The Tzu Chi Foundation has provided anti-coronavirus supplies to the following countries in Africa:

1. Tunisia

2. South Sudan

3. Kenya

4. Madagascar

5. Mozambique

6. Zimbabwe

7. Eswatini

8. Lesotho

9. South Africa

10. Mali

11. Senegal

12. Burkina Faso

13. Benin

14. Niger

15. Mauritania

16. Sierra Leone

17. Sudan


Johannesburg, South Africa

South Africa’s Minister of Health Zweli Mkhize confirmed on March 5 that the coronavirus had spread to the country. Soon afterwards, on March 15, President Cyril Ramaphosa declared a national state of disaster, which was followed by a national lockdown effective from March 26. South Africa has since registered more infections than any other country in Africa. The first batch of medical supplies provided by Tzu Chi arrived in the country in mid-May, which volunteers then donated to various hospitals. The lockdown took an economic toll on needy families, and many of them suffered from hunger. In response, volunteers in the township of Tembisa distributed food to help the needy survive the pandemic. Photo courtesy of Tzu Chi South Africa

Ladysmith, South Africa

After South Africa was locked down, some villagers in Thabo Mofutsanyane, Free State, were in danger of running out of food to eat. Volunteers from Ladysmith drove 200 kilometers (124 miles)—about two and a half hours—to deliver food to them. Led by villagers on horseback, volunteers distributed the aid to 60 families. Photo by Huang Qiu-yue

Maputo, Mozambique

A long-standing shortage of healthcare professionals and medical equipment left Mozambique powerless to defend itself from the invasion of COVID-19. Tzu Chi volunteers responded by delivering education and information to help local people fight the pandemic. They made videos to promote correct preventive measures, and worked with government health authorities by visiting communities to teach residents how to properly wash their hands. Volunteers also donated medical supplies to 12 hospitals and two testing centers. Photo courtesy of Denise Tsai


Zimbabwe was grappling with the effects of a drought when the novel coronavirus pummeled the world. Many wells there had dried out, worsening the local health and hygiene situation. Tzu Chi volunteers led villagers in Domboshava, about 30 kilometers (19 miles) from Harare, the national capital, in drilling a well. When the well was finished, volunteers pumped it many times before the water finally cleared and clean water began gushing out. Photo by Hlengisile Jiyane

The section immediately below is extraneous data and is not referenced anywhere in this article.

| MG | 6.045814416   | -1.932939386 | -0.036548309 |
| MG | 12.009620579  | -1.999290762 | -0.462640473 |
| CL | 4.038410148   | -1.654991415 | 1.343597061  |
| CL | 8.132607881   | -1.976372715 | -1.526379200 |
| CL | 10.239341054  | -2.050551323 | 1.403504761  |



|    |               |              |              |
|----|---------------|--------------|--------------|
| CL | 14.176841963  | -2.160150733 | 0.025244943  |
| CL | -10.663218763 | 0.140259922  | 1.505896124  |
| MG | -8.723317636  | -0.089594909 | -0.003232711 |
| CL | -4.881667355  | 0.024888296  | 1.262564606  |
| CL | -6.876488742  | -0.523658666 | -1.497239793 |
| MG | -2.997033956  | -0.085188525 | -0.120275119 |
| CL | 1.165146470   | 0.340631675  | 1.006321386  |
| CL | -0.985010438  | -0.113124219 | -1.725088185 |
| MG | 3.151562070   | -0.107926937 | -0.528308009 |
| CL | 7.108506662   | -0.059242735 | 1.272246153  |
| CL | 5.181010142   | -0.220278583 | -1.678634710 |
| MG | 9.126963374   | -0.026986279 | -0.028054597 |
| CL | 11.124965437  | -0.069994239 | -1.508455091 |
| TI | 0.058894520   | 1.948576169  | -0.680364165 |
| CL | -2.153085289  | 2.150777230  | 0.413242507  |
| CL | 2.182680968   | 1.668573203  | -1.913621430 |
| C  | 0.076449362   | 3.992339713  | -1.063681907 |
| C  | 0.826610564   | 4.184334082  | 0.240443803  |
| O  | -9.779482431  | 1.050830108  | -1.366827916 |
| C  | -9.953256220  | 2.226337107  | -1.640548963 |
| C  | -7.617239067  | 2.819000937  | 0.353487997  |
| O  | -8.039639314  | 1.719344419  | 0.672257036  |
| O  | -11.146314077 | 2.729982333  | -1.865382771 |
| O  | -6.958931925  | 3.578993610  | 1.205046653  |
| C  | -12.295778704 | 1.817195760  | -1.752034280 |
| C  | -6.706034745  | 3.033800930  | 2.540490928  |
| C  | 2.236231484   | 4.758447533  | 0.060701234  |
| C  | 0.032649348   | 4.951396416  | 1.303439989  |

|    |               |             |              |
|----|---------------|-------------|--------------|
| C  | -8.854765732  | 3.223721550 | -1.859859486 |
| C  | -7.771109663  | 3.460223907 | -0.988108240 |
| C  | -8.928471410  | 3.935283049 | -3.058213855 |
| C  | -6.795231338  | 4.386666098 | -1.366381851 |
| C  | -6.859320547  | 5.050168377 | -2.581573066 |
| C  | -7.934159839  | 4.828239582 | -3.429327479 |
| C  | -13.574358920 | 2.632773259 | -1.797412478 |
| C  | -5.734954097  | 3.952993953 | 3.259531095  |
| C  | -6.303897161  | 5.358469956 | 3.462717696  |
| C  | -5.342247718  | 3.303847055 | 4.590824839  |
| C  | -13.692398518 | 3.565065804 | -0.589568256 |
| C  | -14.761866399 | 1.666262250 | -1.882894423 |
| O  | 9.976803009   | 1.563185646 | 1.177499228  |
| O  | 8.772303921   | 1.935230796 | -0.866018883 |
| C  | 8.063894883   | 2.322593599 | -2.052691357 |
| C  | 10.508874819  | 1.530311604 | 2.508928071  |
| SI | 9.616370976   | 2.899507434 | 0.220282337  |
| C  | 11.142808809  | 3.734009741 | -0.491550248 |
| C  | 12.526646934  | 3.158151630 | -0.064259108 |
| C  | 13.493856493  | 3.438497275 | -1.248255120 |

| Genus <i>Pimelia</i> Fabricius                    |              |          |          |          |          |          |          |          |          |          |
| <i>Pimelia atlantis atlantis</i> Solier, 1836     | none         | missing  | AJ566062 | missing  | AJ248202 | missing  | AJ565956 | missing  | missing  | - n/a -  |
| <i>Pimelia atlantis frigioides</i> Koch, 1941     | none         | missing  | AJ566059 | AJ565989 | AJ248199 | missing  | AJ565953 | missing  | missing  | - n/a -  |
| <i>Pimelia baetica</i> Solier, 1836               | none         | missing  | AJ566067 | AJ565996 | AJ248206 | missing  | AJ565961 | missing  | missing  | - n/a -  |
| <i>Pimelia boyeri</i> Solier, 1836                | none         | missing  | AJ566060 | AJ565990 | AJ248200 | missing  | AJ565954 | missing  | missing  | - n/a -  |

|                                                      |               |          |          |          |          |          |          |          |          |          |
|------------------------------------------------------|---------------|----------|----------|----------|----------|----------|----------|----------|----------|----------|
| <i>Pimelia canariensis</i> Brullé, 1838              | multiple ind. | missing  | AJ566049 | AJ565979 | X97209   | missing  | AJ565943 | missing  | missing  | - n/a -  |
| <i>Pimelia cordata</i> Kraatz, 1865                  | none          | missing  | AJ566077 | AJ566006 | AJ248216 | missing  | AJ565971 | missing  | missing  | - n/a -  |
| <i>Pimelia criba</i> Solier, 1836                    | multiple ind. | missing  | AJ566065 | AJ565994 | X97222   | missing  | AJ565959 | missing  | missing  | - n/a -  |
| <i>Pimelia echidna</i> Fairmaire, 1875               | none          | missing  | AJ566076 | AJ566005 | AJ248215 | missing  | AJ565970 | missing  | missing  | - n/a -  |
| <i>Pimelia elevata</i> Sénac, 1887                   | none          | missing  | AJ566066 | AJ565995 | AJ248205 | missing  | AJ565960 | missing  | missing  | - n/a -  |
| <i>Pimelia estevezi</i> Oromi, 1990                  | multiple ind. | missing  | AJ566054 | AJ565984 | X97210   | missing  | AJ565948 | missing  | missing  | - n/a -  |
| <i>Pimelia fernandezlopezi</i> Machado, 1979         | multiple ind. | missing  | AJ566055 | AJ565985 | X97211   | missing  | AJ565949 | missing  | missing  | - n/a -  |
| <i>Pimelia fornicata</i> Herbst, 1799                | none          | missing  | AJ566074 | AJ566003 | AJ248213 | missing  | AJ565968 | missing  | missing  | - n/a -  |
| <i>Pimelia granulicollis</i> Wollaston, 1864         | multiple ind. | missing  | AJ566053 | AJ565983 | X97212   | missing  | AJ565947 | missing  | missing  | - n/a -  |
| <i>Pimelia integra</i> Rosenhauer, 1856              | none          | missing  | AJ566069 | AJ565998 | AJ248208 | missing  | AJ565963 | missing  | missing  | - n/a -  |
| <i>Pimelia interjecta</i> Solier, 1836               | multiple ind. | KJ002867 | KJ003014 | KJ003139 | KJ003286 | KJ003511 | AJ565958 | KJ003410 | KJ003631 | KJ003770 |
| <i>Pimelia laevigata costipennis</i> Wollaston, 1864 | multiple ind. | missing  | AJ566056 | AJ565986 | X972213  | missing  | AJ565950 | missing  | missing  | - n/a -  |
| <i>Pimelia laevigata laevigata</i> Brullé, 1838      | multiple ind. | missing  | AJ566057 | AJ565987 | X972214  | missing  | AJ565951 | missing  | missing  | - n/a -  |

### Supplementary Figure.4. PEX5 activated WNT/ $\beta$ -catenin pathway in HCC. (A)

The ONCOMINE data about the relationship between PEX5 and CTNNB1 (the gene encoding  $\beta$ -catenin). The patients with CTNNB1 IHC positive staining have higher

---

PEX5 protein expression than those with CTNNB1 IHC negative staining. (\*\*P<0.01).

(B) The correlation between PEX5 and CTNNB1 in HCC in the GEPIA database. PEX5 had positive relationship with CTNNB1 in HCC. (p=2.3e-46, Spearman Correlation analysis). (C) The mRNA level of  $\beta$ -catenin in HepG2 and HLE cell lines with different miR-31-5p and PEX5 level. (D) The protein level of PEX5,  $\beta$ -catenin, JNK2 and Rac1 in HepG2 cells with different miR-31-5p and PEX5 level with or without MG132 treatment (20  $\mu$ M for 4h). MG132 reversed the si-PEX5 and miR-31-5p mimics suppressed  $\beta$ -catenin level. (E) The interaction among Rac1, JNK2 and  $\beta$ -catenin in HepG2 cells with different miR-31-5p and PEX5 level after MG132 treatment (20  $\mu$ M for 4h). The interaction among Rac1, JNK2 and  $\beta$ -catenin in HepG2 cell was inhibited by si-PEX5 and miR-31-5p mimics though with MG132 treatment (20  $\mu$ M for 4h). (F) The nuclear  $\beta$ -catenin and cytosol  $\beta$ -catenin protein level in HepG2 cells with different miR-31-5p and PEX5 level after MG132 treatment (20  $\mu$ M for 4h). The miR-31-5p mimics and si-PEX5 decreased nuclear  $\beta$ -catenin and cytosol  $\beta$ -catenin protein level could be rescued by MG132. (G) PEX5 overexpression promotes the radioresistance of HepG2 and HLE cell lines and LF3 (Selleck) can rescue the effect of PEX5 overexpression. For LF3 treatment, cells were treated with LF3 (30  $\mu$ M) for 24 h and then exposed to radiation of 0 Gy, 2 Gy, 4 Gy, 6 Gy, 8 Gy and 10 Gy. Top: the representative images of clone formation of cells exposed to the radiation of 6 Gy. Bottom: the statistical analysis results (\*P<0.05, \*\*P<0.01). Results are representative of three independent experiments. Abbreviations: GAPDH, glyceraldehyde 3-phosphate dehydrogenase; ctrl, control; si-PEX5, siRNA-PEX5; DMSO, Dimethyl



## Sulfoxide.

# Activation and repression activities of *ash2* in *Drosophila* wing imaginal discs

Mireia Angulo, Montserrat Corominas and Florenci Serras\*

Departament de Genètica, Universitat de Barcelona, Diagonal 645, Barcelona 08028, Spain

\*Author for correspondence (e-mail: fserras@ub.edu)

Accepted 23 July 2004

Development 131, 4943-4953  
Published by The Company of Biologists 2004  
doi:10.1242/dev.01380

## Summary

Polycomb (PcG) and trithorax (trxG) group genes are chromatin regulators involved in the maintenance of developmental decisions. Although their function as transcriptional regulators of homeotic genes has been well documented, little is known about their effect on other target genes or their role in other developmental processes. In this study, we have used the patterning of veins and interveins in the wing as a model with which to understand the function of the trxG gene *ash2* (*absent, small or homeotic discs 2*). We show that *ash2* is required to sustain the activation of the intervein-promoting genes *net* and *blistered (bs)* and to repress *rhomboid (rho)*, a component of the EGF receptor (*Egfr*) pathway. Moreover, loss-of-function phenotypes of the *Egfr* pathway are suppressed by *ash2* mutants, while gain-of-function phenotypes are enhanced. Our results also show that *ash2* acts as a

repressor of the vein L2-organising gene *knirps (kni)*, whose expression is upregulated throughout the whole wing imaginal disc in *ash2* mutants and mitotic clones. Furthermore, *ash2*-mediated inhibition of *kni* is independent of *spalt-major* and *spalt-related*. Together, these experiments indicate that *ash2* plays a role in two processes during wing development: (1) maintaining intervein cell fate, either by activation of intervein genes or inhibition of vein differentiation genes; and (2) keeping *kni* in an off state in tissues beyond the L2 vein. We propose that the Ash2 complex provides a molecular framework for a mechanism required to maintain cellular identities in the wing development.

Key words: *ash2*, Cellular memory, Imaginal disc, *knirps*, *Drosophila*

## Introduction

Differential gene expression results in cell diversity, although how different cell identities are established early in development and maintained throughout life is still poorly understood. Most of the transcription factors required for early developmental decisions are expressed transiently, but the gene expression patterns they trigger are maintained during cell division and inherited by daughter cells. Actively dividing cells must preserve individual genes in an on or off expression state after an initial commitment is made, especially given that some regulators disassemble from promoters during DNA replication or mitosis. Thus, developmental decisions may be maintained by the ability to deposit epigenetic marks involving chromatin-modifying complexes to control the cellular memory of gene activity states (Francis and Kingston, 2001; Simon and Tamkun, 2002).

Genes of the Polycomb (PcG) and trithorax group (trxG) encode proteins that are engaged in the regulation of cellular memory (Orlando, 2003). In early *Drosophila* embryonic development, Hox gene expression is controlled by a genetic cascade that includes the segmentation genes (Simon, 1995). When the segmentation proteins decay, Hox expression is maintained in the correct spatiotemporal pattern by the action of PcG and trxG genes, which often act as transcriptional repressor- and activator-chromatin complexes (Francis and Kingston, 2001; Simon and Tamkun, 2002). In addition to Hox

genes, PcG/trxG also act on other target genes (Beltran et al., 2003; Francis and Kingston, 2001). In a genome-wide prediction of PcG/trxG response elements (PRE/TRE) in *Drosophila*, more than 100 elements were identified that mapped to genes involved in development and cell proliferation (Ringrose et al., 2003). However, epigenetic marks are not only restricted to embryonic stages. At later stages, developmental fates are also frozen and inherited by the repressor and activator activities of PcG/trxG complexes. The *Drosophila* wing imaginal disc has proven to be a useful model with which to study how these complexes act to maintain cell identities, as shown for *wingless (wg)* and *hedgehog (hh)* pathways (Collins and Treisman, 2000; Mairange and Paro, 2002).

1. Russia

2. Ukraine

3. Sweden

4. Norway

5. The United Kingdom

6. Denmark

7. The Netherlands

8. Germany

9. Belgium

10. France

11. Switzerland

12. Austria

13. Bosnia

14. Italy

15. Spain

16. Portugal

17. The Vatican City



On March 16, in response to the pandemic, French President Emmanuel Macron announced mandatory home confinement for 15 days starting at noon on March 17. The order was extended twice and ended on May 11. During that period, Tzu Chi volunteers, taking advantage of the short time they were allowed to go out, mailed masks to Taiwanese students in France who were returning to Taiwan so that they could be better protected during their journeys home. Volunteers also donated masks, protective clothing, and gloves to a hospital in Bayonne, Centre Hospitalier de la Côte Basque, as well as the areas of Chanteloup-en-Brie and Sologne. The photo shows recipients acknowledging Tzu Chi’s aid on social media.


Eighty thousand medical masks provided by Tzu Chi arrived at Frankfurt Airport in April. Volunteers collected the shipment, then immediately headed toward Heinsberg, a region in Nordrhein-Westfalen that had been hit hard by COVID-19. Volunteers arrived at a supply intake center set up by the local government’s fire department and donated 20,000 masks there. The masks were then delivered to three hospitals in the area. Photo by Lin Mei-feng

The United Kingdom

The pandemic peaked in the United Kingdom in April. Tzu Chi’s anti-coronavirus supplies started arriving in the country on April 21, including 200,000 masks and protective gowns, which were subsequently donated to institutions in London, Cambridge, Oxford, Manchester, Edinburgh, Birmingham, and Malvern. Medical workers at Homerton University Hospital told volunteers that they had felt completely helpless when they saw their coworkers knocked down one after another by COVID-19, and so were deeply grateful to Tzu Chi for the donation. Photo courtesy of Lu Jia-hua


In February, when the coronavirus situation in China was severe, a Tzu Chi volunteer in China, with the help of a friend in Moscow, purchased 6,000 masks from Russia. Later, when the pandemic went out of control in Russia—the number of confirmed cases there hit 500,000 in June—the foundation sent medical supplies to that country to help them fight the infection. Photo by Wang Yun-xiu


July 2020